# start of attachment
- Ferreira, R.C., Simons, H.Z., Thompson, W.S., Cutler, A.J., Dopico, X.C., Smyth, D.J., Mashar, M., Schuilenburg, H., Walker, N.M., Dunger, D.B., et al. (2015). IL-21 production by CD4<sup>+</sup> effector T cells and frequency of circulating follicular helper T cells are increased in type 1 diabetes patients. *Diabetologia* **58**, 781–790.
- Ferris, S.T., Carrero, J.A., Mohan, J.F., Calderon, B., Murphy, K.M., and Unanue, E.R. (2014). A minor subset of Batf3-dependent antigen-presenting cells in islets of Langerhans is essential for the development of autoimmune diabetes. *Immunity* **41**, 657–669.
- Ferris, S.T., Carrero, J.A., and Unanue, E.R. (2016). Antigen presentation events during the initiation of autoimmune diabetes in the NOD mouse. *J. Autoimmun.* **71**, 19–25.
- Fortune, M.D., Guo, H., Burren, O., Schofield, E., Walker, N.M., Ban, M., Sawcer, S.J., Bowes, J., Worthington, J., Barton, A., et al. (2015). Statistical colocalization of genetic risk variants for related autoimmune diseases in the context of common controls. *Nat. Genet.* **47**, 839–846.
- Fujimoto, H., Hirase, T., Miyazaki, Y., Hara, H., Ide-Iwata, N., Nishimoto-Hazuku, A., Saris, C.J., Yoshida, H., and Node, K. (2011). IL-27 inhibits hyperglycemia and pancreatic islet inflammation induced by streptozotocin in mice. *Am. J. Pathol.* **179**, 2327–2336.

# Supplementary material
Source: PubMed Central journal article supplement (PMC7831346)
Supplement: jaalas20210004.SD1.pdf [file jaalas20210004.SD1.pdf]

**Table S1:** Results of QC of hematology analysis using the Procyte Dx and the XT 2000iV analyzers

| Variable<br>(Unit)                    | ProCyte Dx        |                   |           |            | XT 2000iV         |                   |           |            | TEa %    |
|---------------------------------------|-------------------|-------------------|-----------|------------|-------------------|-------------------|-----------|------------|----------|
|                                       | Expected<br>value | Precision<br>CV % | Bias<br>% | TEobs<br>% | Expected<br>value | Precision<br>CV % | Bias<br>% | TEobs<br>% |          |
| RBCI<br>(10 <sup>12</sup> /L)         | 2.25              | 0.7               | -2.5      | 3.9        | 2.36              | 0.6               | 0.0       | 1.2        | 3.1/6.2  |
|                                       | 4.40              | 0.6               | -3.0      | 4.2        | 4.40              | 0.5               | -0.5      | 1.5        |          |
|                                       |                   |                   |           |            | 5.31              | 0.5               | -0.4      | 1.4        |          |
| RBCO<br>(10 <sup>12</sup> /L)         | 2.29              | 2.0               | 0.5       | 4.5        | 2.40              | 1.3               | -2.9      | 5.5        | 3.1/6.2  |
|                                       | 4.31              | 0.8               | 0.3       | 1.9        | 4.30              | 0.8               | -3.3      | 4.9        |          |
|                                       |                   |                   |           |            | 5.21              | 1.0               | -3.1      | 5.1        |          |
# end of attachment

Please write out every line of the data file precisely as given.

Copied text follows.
- Ferreira, R.C., Simons, H.Z., Thompson, W.S., Cutler, A.J., Dopico, X.C., Smyth, D.J., Mashar, M., Schuilenburg, H., Walker, N.M., Dunger, D.B., et al. (2015). IL-21 production by CD4<sup>+</sup> effector T cells and frequency of circulating follicular helper T cells are increased in type 1 diabetes patients. *Diabetologia* **58**, 781–790.
- Ferris, S.T., Carrero, J.A., Mohan, J.F., Calderon, B., Murphy, K.M., and Unanue, E.R. (2014). A minor subset of Batf3-dependent antigen-presenting cells in islets of Langerhans is essential for the development of autoimmune diabetes. *Immunity* **41**, 657–669.
- Ferris, S.T., Carrero, J.A., and Unanue, E.R. (2016). Antigen presentation events during the initiation of autoimmune diabetes in the NOD mouse. *J. Autoimmun.* **71**, 19–25.
- Fortune, M.D., Guo, H., Burren, O., Schofield, E., Walker, N.M., Ban, M., Sawcer, S.J., Bowes, J., Worthington, J., Barton, A., et al. (2015). Statistical colocalization of genetic risk variants for related autoimmune diseases in the context of common controls. *Nat. Genet.* **47**, 839–846.
- Fujimoto, H., Hirase, T., Miyazaki, Y., Hara, H., Ide-Iwata, N., Nishimoto-Hazuku, A., Saris, C.J., Yoshida, H., and Node, K. (2011). IL-27 inhibits hyperglycemia and pancreatic islet inflammation induced by streptozotocin in mice. *Am. J. Pathol.* **179**, 2327–2336.

# Supplementary material
Source: PubMed Central journal article supplement (PMC7831346)
Supplement: jaalas20210004.SD1.pdf [file jaalas20210004.SD1.pdf]

**Table S1:** Results of QC of hematology analysis using the Procyte Dx and the XT 2000iV analyzers

| Variable<br>(Unit)                    | ProCyte Dx        |                   |           |            | XT 2000iV         |                   |           |            | TEa %    |
|---------------------------------------|-------------------|-------------------|-----------|------------|-------------------|-------------------|-----------|------------|----------|
|                                       | Expected<br>value | Precision<br>CV % | Bias<br>% | TEobs<br>% | Expected<br>value | Precision<br>CV % | Bias<br>% | TEobs<br>% |          |
| RBCI<br>(10 <sup>12</sup> /L)         | 2.25              | 0.7               | -2.5      | 3.9        | 2.36              | 0.6               | 0.0       | 1.2        | 3.1/6.2  |
|                                       | 4.40              | 0.6               | -3.0      | 4.2        | 4.40              | 0.5               | -0.5      | 1.5        |          |
|                                       |                   |                   |           |            | 5.31              | 0.5               | -0.4      | 1.4        |          |
| RBCO<br>(10 <sup>12</sup> /L)         | 2.29              | 2.0               | 0.5       | 4.5        | 2.40              | 1.3               | -2.9      | 5.5        | 3.1/6.2  |
|                                       | 4.31              | 0.8               | 0.3       | 1.9        | 4.30              | 0.8               | -3.3      | 4.9        |          |
|                                       |                   |                   |           |            | 5.21              | 1.0               | -3.1      | 5.1        |          |